I don’t think so. I mean, I’ve known too many great DJs in my life, and I think what they do is phenomenal and incredible. I think that what I do as a live musician is very much like a DJ. I mean, I have my setlist on the floor – but you know, half of the fun of being in Chic is knowing that, yeah I know what my set’s going to start like, and I know what my set’s going to end like. It’s the middle that I have no idea what the hell’s going to happen – because I have to read the crowd and see what I think are the songs that are going to resonate with that crowd. So I have that experience, where I get that same kind of feeling, that masquerades as the DJ kind of experience.
So there’s a certain amount of improv.
Oh yeah, a huge amount. And that’s what keeps our shows fun, because you have to figure out, “OK we’re gonna do this.” And quite often you’ll see me turn around to the band and go, “Let’s do this!”
Your band is renowned for being very tight. Are you a taskmaster like James Brown – are you hard on your guys?
No, not at all. I’m hard in that I want things to be done a certain way, but you don’t have to act tough to do that, you hire the brilliant, brilliant, brilliant musicians that I’ve had around me all my life. And the great thing about my life is I’ve always worked with the finest musicians I know. So that’s just what I demand; if you’re not that good, I just don’t play with you, so… I don’t have to be tough, because they’re just as concerned about being as terrific as they can be as I am.
You’re famous for your positivity. Is it something that comes naturally to you, or do you have to work on it?
It sort of comes natural, but I do have to work on it. The way that I was able to give up drugs is that I had to see a better option – and that was hard because I like drugs so much. My whole life – I mean, I was raised by heroin addicts. Drugs were not taboo in my household at all. So in order for me to look at life differently and say, this could be more fun, I had to learn techniques. And the technique was what they call behavior-modification therapy. You know, when you feel like doing something, you do something else, because you know the thing that you feel like doing is the wrong thing. So I learned to appreciate the things that I have, and the next thing you know, I started loving those things more than the things that I thought I missed, more than the things I thought I wanted.
So by learning to love and appreciate the things you have, you wind up having a great life. That’s why I’m always so happy – I get to play “We Are Family” and “Good Times” for a living [laughs]. It’s like, are you kidding me? I get to walk out there and do that, and then get paid, and make people feel good. And people don’t realize that I’m having just as much fun as they’re having, if not more so. In a weird way, I should pay them, because I’m having a blast! I always say, we get paid for the traveling and eating the bad food; we actually perform for free – we’re thrilled to do that.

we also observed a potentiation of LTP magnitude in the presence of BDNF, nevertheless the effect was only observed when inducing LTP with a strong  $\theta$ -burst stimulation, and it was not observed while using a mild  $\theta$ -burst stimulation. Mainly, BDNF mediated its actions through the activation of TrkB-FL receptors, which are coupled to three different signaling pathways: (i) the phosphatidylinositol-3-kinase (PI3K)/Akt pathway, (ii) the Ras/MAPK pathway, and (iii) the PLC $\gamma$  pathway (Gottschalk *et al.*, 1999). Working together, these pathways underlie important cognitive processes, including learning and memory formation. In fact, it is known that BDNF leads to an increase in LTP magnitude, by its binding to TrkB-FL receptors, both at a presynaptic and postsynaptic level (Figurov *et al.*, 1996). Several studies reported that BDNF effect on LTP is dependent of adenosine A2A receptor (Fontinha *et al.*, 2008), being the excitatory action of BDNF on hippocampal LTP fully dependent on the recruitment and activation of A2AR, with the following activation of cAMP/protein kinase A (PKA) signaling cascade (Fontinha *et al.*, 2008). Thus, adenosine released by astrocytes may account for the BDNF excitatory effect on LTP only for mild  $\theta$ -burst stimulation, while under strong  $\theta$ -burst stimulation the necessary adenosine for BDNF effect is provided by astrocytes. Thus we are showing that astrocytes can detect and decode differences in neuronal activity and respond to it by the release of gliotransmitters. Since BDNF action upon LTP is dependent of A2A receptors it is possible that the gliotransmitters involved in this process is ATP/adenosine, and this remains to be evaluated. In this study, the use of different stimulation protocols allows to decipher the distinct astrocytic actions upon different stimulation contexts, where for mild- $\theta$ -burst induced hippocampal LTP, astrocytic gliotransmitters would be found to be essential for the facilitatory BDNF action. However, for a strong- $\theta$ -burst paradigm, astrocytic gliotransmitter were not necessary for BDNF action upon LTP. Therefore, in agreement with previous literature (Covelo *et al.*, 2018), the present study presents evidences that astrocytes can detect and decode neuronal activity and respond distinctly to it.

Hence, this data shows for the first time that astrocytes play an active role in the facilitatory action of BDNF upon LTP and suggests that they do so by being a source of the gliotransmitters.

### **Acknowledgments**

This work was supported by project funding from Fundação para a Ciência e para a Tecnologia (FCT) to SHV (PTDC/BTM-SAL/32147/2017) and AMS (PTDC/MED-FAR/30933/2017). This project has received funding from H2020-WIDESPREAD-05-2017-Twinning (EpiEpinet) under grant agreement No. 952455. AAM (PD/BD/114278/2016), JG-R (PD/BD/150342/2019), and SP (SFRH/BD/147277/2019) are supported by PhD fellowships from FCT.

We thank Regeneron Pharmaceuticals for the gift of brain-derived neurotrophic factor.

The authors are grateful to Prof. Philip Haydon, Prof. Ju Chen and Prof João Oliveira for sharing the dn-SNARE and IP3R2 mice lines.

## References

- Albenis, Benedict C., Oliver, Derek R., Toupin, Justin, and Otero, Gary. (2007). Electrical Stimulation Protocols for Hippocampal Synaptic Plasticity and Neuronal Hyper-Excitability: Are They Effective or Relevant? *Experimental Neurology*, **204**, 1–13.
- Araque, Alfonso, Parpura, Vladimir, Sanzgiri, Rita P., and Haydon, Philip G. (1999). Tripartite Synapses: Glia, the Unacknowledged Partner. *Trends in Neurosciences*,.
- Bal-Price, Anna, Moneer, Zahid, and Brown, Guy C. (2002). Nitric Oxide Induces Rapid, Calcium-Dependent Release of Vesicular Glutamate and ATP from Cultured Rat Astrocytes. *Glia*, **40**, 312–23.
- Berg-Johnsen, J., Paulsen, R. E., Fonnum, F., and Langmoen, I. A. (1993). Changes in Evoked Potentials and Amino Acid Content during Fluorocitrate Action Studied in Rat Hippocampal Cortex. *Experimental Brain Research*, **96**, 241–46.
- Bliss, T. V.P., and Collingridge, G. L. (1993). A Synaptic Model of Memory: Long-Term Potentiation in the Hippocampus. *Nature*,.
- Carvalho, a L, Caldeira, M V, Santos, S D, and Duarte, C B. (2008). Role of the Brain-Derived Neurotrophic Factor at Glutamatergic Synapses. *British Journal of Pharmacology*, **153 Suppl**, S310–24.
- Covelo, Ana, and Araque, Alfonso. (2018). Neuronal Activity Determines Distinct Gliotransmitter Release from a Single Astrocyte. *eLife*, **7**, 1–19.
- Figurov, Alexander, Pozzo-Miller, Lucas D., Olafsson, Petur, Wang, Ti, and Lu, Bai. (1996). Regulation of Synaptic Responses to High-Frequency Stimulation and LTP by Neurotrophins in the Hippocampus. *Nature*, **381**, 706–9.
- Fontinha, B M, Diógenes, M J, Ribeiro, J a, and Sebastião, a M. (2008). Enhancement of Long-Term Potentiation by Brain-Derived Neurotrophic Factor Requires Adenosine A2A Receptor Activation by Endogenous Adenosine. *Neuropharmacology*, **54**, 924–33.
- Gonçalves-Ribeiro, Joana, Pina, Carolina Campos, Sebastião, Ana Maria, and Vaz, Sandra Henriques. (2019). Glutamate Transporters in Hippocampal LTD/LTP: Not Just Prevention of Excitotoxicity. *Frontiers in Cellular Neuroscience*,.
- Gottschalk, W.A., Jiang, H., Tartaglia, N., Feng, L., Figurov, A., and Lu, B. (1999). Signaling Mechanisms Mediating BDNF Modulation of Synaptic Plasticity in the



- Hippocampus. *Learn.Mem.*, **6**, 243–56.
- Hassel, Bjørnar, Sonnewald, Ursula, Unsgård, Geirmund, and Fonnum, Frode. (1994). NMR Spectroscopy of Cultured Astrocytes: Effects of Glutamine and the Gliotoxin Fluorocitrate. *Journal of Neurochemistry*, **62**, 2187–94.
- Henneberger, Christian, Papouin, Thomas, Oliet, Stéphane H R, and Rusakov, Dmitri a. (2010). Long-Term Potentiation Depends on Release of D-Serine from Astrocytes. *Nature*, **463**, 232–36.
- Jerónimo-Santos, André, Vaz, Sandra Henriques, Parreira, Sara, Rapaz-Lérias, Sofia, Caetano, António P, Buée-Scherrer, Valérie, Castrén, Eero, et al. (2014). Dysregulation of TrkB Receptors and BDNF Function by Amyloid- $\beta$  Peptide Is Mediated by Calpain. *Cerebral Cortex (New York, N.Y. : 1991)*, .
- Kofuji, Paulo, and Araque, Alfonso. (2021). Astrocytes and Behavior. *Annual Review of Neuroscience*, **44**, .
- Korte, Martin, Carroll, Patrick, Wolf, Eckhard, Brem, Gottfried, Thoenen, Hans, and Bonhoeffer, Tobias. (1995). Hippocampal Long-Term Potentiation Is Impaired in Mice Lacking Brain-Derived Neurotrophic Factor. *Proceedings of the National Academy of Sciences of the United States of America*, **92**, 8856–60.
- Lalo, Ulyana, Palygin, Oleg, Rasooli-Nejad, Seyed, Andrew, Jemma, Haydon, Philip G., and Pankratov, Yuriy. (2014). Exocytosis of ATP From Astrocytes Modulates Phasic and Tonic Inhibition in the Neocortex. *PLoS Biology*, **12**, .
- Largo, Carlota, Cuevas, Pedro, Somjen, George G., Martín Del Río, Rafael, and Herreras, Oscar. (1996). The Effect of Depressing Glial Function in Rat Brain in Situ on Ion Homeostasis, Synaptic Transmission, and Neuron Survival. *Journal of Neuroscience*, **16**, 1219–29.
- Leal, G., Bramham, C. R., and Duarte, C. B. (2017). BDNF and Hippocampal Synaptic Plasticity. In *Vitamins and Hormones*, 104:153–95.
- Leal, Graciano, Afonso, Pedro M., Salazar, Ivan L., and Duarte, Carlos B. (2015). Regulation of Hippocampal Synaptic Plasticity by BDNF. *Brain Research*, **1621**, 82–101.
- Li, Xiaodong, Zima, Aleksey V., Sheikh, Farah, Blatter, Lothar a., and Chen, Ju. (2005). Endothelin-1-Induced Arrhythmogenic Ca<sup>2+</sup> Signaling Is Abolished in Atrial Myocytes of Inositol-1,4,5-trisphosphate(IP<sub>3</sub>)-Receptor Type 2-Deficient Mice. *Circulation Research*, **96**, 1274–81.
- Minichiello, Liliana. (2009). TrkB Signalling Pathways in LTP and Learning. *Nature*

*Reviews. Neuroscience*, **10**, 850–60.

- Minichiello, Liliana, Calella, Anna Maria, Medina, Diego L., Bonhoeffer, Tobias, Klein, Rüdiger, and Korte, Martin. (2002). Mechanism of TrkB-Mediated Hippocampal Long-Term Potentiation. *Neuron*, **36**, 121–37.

I’ve read before where you’ve said that you want to be known as the man who wrote “We Are Family.” Is that your favorite song that you’ve written?
No, not at all. It just became the song that was sort of the most ubiquitous, and the song that’s sort of the most associated with fun and positivity and togetherness, and the sort of bohemian, communal, hippie lifestyle that I come from…and to think that I can come from that kind of lifestyle, and that song winds up becoming a traditional pop song, almost more like “Happy Birthday” or something. “We Are Family” happens to be one of those very special songs that people gravitate towards, and they come up with their own reasons for its mythology enhancing their lives. I’m never the person to discourage it… People ask me for that song a lot, so it’s never gone away – ever since it’s become popular, every year I get requests for films, television commercials. I’ll go to sports stadiums and they want me to play it. It just doesn’t stop with that song.
The people you’ve worked with could make up their own music hall of fame. Who would you work with next if you had the choice?
Probably the artist that’s out there now that I respect the most, and I’m just really curious and I love her, is Janelle Monae. I call her my little sister. We’re going to be gigging together right around the time of my birthday – and it’s funny, because last year we spent my birthday together, and I went to her show. Now this year on my birthday we’re actually playing together. We adore each other. You have no idea. I call her the next David Bowie – she could be that. She’s that big.
The Chic Organization: Up All Night is out now via Warner.
[The original version of this interview appeared on inthemix Australia.]